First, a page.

Toyota has immediate concerns to address in the U.S.

(March 8, 2011) SANTA MONICA, Calif. — Toyota's "Global Vision" conference this Wednesday promises to set the tone for the Japanese automaker's worldwide direction in the next decade. But's analysis shows that Toyota has much more immediate concerns to address — at least here in the United States.

In 2010, reported that Toyota was the only major automaker with a drop in overall U.S. sales (-0.3%), falling from #2 to #3 in U.S. market share. On top of that, consideration for Toyota vehicles in 2010 on was down about 3.8 percentage points year over year.

The trend has continued so far in 2011, with Toyota trailing both GM and Ford in both sales and market share, and consideration for the brand on down one percentage point year over year.

Still haunting Toyota are its perceived safety and quality issues. When the U.S. Department of Transportation said last month that no electronic flaws caused Toyota's unintended acceleration problems, many thought it would be an opportunity for Toyota to re-gain its momentum in the U.S. market.

But that hope was quickly interrupted two weeks later when Toyota recalled over two million vehicles in the U.S. to address potential floor mat interference with accelerator pedals. Many of the recalled models included Toyota's Lexus line, which further threatened the brand's already precarious spot at the top of the U.S. luxury auto sales race.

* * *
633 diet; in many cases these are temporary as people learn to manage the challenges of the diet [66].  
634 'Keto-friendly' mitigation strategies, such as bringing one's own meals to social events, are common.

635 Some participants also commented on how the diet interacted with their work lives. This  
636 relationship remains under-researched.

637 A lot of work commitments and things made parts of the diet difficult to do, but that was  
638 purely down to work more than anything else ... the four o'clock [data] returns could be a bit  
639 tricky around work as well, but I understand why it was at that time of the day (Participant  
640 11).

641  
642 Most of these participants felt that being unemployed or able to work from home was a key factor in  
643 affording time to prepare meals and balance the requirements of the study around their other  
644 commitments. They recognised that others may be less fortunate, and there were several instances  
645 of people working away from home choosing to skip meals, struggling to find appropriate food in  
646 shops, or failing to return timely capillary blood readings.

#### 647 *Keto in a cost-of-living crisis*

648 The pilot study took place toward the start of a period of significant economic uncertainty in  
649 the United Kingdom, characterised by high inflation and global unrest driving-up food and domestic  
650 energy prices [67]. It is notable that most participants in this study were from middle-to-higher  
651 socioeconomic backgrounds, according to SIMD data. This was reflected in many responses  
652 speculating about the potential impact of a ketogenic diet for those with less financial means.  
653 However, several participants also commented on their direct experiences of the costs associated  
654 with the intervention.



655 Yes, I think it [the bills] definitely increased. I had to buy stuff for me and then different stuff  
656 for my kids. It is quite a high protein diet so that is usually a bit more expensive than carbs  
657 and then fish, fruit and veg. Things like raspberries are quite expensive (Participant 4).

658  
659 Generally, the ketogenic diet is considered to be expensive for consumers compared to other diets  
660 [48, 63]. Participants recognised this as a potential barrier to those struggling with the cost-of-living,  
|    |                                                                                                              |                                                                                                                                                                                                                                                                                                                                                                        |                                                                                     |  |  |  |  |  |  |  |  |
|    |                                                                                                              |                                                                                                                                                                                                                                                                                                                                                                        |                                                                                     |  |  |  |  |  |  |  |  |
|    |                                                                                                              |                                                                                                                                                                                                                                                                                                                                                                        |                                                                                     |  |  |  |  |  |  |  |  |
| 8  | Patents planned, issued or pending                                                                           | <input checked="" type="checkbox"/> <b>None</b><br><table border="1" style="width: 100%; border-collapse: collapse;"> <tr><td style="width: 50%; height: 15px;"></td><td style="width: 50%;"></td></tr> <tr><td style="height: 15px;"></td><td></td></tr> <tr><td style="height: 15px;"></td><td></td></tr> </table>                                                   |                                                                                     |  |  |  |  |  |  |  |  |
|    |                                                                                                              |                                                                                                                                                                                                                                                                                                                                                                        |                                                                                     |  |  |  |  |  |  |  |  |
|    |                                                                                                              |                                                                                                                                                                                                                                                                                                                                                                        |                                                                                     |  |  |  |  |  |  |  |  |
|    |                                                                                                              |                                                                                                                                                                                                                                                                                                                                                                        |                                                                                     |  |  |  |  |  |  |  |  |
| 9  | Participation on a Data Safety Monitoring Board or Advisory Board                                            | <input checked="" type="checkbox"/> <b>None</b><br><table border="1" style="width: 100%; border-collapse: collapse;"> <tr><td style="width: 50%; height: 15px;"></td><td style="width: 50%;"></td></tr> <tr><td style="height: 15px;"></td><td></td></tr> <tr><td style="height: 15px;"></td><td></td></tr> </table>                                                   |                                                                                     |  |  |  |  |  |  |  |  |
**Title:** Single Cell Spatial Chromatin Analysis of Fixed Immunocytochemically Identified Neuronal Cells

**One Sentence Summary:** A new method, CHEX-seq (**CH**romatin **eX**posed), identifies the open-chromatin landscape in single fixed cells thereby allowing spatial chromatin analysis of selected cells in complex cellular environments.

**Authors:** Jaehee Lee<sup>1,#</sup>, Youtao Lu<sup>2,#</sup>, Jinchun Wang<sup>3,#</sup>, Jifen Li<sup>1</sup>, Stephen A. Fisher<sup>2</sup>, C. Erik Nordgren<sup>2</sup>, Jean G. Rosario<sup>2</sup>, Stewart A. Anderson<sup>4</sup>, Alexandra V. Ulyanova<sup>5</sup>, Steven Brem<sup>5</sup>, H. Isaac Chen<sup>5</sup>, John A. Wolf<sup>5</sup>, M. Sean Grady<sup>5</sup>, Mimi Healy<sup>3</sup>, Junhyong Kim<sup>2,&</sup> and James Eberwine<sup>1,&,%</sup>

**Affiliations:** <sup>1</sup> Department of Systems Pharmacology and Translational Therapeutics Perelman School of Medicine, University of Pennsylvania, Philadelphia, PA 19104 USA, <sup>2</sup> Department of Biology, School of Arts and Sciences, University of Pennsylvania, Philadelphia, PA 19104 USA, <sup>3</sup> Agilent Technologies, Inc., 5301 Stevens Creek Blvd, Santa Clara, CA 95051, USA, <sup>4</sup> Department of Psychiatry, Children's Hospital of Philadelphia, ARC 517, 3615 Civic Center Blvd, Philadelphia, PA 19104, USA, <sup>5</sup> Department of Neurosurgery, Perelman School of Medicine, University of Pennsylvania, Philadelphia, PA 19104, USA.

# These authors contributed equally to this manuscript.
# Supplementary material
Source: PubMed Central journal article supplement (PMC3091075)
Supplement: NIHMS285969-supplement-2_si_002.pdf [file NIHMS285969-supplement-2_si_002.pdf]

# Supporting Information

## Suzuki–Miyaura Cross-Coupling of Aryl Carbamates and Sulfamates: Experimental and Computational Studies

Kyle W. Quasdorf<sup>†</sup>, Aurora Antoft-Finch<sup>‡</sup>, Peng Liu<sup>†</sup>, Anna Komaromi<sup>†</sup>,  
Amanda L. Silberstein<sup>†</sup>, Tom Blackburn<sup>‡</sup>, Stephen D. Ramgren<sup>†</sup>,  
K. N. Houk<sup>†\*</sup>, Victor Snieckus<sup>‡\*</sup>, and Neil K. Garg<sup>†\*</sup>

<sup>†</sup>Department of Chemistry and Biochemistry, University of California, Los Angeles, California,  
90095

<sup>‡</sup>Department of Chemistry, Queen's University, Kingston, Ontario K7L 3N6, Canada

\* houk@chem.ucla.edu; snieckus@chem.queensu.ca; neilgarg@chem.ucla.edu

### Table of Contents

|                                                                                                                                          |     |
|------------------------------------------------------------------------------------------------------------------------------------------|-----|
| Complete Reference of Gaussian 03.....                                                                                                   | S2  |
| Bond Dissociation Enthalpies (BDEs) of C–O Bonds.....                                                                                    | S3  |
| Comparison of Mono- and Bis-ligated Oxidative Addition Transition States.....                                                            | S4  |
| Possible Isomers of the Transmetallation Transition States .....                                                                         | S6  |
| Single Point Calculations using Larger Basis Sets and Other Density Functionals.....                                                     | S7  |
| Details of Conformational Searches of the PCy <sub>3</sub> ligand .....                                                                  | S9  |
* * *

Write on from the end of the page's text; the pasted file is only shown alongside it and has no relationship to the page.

But as easy as it is to blame factors relating to its recalls, analysts see another pressing concern for Toyota.

"Toyota needs to overcome not just the PR damage sustained by the recalls, but also the reality that many of its models are stale," said Jessica Caldwell, director of pricing and industry analysis.

"In the last few years Toyota's lineup has remained relatively untouched compared to the changes its top competitors have made to their fleets. In today's competitive marketplace, updating the product line is more important than ever, especially as most new car buyers cross-shop online without much product loyalty, and many dismiss the cars that are lacking desirable new technology features."

Earlier this year, Edmunds' reported that Toyota (including Lexus and Scion) plans to release 11 new or redesigned models in 2011. Updates to the Camry and RAV4 — two of Toyota's traditional top sellers — are expected to be included in the 2011 Toyota redesigns.

As Toyota's fiscal year comes to a close at the end of this month, there is some good news for Toyota's recovery. Industry-wide sales in the U.S. are rising sharply and Toyota reported year-over-year sales increase of 42 percent in February (a number surely influenced by Toyota's decision last year to pull eight models from lots in the days after it announced its recalls). Combined Camry and Camry Hybrid sales totaled 64 percent higher than a year earlier and Corolla sales were 52 percent better.

As a result Edmunds' reports Toyota is raising its forecasts for the year to an operating profit of $6.4 billion rather than the $4.5 billion originally forecast. It's still far down from the massive $19.9 billion profit it posted in 2007-08, but at least it's moving in the right direction.

Read a preview of Toyota's "Global Vision" conference this week can be found at Edmunds' Auto